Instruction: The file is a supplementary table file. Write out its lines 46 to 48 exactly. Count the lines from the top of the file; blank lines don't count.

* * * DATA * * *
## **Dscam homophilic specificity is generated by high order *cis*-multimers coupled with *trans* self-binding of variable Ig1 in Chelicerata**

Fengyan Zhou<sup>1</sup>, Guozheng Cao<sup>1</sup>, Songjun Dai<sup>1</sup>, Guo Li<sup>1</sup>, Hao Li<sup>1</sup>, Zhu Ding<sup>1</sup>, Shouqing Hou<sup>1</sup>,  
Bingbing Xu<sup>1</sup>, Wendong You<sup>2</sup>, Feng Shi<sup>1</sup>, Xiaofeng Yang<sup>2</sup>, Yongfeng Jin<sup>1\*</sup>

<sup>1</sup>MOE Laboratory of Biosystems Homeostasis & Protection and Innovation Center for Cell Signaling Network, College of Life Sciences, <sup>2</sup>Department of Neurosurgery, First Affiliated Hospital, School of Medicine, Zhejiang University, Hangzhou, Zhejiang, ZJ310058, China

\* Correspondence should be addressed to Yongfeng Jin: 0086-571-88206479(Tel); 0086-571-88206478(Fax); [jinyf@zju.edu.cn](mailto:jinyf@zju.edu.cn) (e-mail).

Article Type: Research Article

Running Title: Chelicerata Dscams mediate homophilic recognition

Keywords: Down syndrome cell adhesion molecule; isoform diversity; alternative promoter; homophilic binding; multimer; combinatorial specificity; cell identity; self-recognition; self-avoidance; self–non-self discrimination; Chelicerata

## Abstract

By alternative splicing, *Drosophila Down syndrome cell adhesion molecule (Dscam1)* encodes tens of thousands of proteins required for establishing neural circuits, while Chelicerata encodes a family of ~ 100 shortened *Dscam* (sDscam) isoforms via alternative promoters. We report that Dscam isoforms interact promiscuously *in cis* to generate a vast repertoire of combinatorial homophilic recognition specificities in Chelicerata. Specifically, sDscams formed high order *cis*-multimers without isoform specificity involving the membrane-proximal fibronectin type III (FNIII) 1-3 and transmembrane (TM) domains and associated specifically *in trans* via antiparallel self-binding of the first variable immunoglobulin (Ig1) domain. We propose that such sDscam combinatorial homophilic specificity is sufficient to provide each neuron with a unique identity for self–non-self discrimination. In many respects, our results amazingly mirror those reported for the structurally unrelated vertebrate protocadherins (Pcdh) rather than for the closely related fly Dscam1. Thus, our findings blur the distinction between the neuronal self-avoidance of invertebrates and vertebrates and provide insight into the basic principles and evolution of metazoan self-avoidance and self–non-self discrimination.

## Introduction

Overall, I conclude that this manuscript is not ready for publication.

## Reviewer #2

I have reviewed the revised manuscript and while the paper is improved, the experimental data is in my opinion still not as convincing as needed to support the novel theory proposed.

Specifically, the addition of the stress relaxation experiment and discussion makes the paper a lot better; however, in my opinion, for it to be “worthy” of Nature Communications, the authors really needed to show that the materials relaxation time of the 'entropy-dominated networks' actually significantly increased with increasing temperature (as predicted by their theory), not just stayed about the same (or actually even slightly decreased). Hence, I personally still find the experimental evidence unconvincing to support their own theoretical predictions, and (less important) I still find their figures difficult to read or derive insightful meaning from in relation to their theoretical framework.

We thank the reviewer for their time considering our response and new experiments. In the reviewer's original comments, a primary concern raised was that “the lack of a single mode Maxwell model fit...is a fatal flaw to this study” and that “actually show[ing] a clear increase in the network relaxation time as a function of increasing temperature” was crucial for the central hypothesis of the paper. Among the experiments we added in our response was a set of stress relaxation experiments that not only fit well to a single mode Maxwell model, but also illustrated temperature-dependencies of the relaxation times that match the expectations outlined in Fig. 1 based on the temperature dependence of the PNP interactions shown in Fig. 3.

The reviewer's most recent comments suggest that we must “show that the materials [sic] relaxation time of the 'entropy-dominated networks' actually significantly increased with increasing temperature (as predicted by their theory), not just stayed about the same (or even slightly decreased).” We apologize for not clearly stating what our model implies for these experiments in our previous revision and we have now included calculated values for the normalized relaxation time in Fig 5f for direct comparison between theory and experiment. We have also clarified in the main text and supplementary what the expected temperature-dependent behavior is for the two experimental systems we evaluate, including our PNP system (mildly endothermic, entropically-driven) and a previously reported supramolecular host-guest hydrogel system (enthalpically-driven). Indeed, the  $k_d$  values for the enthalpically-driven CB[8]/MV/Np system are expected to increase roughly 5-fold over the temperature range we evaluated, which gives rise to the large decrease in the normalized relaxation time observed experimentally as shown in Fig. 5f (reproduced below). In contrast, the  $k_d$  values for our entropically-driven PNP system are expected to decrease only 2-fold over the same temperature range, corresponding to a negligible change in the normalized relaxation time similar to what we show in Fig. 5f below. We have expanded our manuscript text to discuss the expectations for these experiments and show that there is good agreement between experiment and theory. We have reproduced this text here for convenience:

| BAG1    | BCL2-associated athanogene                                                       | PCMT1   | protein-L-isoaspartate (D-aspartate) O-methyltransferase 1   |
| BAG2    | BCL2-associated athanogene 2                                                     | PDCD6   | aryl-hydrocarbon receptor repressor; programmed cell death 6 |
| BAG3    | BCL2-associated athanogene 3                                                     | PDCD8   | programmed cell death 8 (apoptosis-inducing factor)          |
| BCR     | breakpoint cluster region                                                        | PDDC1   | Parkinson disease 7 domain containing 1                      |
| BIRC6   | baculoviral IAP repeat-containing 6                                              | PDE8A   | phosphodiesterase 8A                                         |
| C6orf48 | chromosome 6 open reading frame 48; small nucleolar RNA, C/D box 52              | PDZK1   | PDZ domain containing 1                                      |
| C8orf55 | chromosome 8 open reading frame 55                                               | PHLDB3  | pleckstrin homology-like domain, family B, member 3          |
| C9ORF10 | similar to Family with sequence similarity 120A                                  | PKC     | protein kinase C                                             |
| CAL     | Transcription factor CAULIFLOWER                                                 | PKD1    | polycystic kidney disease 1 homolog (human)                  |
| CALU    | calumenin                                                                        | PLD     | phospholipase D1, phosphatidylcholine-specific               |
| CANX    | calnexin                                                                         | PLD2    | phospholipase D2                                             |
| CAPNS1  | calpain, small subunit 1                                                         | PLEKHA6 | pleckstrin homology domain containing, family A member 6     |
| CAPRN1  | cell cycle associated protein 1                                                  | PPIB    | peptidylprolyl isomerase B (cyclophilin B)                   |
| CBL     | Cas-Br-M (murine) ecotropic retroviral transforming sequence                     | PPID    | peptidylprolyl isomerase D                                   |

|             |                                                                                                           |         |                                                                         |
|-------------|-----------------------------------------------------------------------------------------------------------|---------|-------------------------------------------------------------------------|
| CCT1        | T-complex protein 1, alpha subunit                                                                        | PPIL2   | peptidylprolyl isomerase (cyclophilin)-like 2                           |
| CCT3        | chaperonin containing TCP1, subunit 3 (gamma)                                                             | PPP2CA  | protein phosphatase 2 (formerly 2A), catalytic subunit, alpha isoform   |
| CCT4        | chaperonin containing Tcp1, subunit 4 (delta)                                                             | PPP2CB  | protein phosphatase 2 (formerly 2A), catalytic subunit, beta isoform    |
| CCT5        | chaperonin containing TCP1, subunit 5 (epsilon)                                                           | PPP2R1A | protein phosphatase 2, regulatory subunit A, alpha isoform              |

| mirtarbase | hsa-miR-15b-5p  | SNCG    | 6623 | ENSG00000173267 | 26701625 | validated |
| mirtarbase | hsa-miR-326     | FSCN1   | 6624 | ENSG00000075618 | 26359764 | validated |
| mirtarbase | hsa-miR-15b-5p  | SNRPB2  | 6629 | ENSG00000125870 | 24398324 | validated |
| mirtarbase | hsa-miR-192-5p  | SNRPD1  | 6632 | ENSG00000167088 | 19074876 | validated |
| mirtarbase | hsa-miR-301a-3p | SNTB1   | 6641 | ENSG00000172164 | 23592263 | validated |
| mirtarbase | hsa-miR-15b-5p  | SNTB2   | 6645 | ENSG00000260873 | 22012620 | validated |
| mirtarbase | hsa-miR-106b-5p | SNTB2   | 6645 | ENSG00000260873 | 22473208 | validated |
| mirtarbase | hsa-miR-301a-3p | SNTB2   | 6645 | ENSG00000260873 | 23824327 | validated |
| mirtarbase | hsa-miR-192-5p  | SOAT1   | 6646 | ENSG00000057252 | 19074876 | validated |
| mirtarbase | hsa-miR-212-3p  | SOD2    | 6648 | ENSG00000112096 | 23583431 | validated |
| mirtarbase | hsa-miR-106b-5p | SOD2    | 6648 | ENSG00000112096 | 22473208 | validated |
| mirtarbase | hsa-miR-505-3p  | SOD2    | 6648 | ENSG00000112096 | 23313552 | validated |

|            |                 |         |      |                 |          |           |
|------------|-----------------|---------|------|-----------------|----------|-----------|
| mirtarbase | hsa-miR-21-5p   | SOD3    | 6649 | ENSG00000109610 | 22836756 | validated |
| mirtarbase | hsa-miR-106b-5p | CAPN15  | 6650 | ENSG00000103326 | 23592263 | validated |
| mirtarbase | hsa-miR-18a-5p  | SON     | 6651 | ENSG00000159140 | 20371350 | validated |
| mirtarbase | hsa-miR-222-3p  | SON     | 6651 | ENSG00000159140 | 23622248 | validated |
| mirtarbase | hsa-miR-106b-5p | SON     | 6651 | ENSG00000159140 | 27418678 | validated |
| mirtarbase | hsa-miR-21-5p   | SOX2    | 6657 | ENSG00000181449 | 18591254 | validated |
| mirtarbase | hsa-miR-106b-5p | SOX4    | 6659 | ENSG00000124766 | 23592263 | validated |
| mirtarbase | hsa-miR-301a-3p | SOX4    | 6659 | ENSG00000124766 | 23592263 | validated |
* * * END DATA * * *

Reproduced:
| mirtarbase | hsa-miR-192-5p  | SOAT1   | 6646 | ENSG00000057252 | 19074876 | validated |
| mirtarbase | hsa-miR-212-3p  | SOD2    | 6648 | ENSG00000112096 | 23583431 | validated |
| mirtarbase | hsa-miR-106b-5p | SOD2    | 6648 | ENSG00000112096 | 22473208 | validated |